Coming in at #2 on the list is the ribeye steak. Many will question whether this should be #1 on the list, but we gave the nod to the Filet for its higher price. Essentially the market has spoken to give it the pole position.

Many steak fans will try to vote for the Ribeye over the filet because it is packed with flavor. Unlike the Filet, the Ribeye has tons of marbling (ie fat content) that makes it so appealing.

The Ribeye steak is another tender steak which traces its origins to the rib section of the cow. Given its proximity to the rib bones, the lack of movement makes this another tender cut. Some will also call this a Scotch Filet if it is cooked “bone in”

3. Hanger Steak

Coming in at #3 on the steak cut list is the Hanger Steak. You will often find this cut on menus at high-end steak houses, but you will rarely find it at the local Walmart, Publix or Kroger. The Hanger steak is a nice mix between the attributes of a Ribeye steak and tenderloin steak.

The Hanger steak hangs from the diaphragm close to the lower stomach. This is another cut that does very little work (see a trend here) which causes the tenderness seen in our first choices. It also has some marbling like the ribeye but a consistently good melt in your mouth feel like the filet.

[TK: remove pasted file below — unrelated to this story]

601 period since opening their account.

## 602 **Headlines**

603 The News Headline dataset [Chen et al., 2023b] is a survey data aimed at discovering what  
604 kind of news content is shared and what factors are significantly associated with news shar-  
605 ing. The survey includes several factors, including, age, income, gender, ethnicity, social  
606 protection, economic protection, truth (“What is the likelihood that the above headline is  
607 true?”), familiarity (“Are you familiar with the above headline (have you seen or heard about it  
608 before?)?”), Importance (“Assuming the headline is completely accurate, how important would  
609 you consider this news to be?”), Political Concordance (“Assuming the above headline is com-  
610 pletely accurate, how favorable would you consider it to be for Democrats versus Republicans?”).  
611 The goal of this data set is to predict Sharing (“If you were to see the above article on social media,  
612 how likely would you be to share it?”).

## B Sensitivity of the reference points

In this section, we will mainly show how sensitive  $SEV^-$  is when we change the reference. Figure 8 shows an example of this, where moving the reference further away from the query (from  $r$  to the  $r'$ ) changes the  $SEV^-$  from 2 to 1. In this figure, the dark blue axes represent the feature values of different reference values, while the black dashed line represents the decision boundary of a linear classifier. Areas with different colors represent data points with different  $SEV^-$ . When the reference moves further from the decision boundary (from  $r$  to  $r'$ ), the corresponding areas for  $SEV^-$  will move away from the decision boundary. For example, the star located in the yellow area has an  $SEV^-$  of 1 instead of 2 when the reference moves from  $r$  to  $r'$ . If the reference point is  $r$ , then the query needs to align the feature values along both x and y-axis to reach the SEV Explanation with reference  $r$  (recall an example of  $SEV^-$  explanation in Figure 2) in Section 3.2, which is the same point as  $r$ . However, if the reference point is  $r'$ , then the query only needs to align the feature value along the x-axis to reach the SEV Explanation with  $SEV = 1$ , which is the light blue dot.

Good luck finding a hanger steak in your local market. Because many shoppers aren’t used to this cut, it has become difficult to find. In fact, many butchers have been known to hold this cut back for themselves. Give it a try if you find it, and you won’t be disappointed.

4. Porterhouse Steak

#4 and #5 on the list are very similar, but we give the nod to the Porterhouse steak because of its larger size. In fact, who would want a smaller steak? Not me. Not you.

The porterhouse is essentially two steaks that are separated by a bone. On one side of the bone, you have a tenderloin steak. On the other side of the porterhouse bone, you get the New York Strip (top loin).

Because the porterhouse comes from the hindquarter of the cow, it is tender, flavorful and lean. The tenderness is lower than the tenderloin (go figure with the name) but it also comes in with less flavor than the ribeye.